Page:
Marijuana May Muddle a Chest Pain Diagnosis, CTA Study Hints
The findings of the single-center study could be “misleading,” according to one view, but should motivate increased research in the field.
GRAPEVINE, TX—Among patients presenting to a single institution with chest pain and undergoing coronary CTA, those who said they’ve used marijuana were less likely to ultimately have coronary artery disease than those who did not, according to new research.
To date, studies of marijuana and cardiovascular risk and outcomes have been “very limited,” said Ali M. Agha, MD (The McGovern Medical School at UT Houston, TX), who presented the findings in a poster session Friday at the Society of Cardiovascular Computed Tomography (SCCT) annual scientific meeting. Recent data have indicated that marijuana users might be at an increased risk of mortality, yet specific details about the drug’s effects on the cardiovascular system remain unclear.
“Marijuana is one of the most popular drugs of abuse in the United States,” Agha told TCTMD. “Especially with it becoming decriminalized in some states and becoming [more] popular, it's more important than ever that we understand what some of the effects of marijuana are on our health.”
For the study, Agha and colleagues looked at 1,420 men (< 50 years) and women (< 40 years) who received coronary CTA for the evaluation of chest pain at their center in 2016. About 10% of the population indicated present or former marijuana use; this cohort was younger, had a lower prevalence of diabetes and hypertension, and was more likely to smoke cigarettes.
After multivariate analysis, the researchers found a negative association between marijuana use and CAD diagnosis (P = 0.048). Not surprisingly, older age, diabetes, and tobacco use were positively associated with CAD.
Agha acknowledged that this study is not enough to confirm that marijuana is protective against heart disease. In this case, however, it’s possible that since “marijuana can activate the sympathetic nervous system and cause an increase in blood pressure, heart rate, and cause vasospasm, which may present as chest pain, . . . I think what may have happened is you have young patients presenting with unstable vital signs, high heart rate, high blood pressure, and very anxious and they thought maybe there was a heart attack,” he explained.
‘Nobody's Truly Paying Attention’
But Shereif H. Rezkalla, MD (Marshfield Clinic, Marshfield, WI), commenting on the study for TCTMD, called its conclusions “very misleading.” Because of the vast differences in baseline patient characteristics, the researchers “compared presence or absence of coronary artery disease between apples and oranges, not the same group of people,” he said. “To have a good comparison, you should get all patients who present with chest pain, with similar risk factors, of similar age, and find out if the cannabis or marijuana users have more or less coronary artery disease.”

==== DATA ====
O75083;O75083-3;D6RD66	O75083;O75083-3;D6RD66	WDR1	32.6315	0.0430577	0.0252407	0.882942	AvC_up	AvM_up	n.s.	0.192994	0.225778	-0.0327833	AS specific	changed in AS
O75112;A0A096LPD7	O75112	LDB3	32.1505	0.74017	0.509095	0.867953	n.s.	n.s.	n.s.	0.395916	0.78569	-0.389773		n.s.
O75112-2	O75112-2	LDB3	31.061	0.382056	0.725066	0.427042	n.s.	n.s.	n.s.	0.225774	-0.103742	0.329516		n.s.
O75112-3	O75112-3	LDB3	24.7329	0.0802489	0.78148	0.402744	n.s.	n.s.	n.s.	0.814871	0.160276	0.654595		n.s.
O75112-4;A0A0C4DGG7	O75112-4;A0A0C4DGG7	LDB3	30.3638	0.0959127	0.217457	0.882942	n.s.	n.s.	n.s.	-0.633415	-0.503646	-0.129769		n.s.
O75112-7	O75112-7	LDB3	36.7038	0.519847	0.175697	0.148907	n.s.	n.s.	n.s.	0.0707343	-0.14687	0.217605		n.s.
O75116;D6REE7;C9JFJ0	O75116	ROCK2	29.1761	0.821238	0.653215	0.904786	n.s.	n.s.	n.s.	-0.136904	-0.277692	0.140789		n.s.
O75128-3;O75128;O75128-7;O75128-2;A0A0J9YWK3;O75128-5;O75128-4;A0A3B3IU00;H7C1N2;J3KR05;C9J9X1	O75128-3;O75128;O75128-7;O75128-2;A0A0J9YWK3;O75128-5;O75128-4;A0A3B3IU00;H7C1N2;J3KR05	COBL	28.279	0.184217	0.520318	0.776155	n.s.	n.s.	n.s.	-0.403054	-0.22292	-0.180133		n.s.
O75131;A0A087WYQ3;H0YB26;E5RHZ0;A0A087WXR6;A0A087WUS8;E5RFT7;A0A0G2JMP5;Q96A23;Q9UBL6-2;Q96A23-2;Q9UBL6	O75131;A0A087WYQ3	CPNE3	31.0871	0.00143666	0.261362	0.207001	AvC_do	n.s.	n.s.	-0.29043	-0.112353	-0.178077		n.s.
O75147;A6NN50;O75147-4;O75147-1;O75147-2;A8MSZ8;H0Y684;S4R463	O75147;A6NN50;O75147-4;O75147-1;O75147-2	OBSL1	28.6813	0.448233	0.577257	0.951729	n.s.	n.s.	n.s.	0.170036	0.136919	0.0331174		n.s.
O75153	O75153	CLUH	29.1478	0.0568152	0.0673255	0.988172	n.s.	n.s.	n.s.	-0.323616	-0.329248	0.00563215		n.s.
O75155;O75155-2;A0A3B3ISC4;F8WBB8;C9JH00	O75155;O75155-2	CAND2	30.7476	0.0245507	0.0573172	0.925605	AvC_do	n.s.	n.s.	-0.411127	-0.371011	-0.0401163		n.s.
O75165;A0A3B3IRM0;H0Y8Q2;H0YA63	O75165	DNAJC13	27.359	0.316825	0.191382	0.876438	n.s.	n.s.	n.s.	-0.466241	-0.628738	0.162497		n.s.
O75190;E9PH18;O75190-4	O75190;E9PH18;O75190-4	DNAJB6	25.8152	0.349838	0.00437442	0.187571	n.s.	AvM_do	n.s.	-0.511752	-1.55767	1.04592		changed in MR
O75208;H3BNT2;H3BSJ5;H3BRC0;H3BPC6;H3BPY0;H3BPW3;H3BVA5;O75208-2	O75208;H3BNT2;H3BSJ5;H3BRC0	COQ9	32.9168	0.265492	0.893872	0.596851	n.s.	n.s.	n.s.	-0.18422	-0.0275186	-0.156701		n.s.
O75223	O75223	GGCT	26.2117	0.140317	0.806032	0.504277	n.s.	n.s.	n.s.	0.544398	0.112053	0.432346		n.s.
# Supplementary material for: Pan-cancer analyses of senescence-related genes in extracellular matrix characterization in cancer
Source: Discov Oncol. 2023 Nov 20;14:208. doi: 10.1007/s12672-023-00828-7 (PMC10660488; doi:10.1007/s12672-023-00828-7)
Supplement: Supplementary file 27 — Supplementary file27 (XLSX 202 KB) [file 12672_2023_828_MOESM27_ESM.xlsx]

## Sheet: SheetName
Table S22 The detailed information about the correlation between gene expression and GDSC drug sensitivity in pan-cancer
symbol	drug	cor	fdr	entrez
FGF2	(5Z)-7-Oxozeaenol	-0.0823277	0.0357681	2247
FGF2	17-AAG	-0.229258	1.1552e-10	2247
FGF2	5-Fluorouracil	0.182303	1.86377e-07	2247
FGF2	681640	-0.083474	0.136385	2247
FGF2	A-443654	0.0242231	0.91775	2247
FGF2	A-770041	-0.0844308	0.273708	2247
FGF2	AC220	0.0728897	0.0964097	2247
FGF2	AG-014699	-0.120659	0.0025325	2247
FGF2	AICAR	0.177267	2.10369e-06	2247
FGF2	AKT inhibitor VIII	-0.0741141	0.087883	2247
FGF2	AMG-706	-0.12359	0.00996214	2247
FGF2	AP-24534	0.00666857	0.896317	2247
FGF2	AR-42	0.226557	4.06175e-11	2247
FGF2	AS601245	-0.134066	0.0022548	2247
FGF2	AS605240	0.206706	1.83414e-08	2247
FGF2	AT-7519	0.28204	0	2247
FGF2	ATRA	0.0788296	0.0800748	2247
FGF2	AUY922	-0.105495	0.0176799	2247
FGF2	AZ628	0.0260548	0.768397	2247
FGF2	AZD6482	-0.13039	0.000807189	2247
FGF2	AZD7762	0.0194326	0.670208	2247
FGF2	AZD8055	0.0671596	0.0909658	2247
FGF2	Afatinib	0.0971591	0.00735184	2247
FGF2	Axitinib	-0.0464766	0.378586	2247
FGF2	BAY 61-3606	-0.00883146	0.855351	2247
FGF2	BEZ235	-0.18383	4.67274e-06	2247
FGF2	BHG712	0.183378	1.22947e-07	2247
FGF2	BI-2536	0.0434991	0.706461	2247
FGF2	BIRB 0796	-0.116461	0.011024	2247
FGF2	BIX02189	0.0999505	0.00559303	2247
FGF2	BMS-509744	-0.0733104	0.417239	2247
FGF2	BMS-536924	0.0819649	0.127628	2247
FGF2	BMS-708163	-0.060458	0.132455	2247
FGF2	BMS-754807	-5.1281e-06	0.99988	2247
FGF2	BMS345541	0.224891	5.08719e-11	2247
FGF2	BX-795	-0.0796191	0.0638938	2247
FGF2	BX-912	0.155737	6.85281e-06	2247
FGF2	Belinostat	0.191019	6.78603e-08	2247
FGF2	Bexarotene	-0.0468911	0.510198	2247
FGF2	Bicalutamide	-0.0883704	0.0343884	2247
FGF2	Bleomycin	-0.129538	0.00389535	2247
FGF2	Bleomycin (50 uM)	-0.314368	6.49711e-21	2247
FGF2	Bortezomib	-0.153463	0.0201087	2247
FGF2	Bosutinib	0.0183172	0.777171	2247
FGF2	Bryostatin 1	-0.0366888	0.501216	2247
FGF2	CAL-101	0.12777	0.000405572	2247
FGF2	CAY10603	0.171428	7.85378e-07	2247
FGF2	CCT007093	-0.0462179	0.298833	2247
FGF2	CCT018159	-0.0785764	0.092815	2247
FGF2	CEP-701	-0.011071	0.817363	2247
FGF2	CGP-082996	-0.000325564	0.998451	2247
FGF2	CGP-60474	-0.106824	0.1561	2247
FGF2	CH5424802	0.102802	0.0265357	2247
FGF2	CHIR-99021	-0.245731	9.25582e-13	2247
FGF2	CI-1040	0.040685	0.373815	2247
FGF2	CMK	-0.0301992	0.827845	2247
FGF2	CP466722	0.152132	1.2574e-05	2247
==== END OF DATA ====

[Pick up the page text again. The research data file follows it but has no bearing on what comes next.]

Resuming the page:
Additionally, he pointed out that there is selection bias present in the study given that not all patients with chest pain go for coronary CTA, with some receiving stress tests instead. “Patients with no insurance will never get a CTA,” Rezkalla noted. Also, “many insurance carriers in the United States. . . still don't approve CTA. In fact, they still call it after all these years an ‘experimental procedure.’”
Agha agrees that the study has limitations, especially since marijuana use was all self-reported and some patients might not be willing to share this information. Additionally, there are many methods by which someone can use marijuana, and each one might be associated with a different cardiovascular response, he said.
Still, Rezkalla said he does agree with Agha and colleagues that “we need definitely more research in this topic before we will start telling our communities through legalization in many states: ‘Use marijuana. It is safe.’”
The optimal design of a future trial should include an all-comers population of patients who present to the emergency department with chest pain who undergo either CTA, stress testing, or invasive angiogram, to observe both “the percentage of patients who used marijuana either by smoking or by any other means and the time from marijuana consumption to the time of development of the cardiac event,” Rezkalla suggested. “Then you can do all kinds of statistical analysis at that point in time, including a multivariate analysis,” as was conducted in the present study.
But unless the US National Institutes of Health (NIH) “will sponsor such a study, it's not going to happen,” he said. “There are strong forces and good financial interest from legalizing marijuana in any state. . . . The states want it to get more money. The people want it because they feel good. And nobody's truly paying attention to the medical aspect of the whole entire issue.”
Agha also encouraged clinicians that “it's really important that however you feel about marijuana use, to acknowledge that it's very frequently used and a very popular drug. One way or another we have to accept that and we have to learn more about it.” Without NIH funding for further research, “we're going to end up spending a lot of money on maybe reducing some of the comorbidities caused by marijuana use, or by creating and identifying really expensive pharmacologic drugs. Perhaps this natural substance could benefit us in a lot of ways,” he concluded.
Agha, AM. The association between marijuana use and premature coronary artery disease. Presented at: SCCT 2018. July 13, 2018. Grapevine, TX.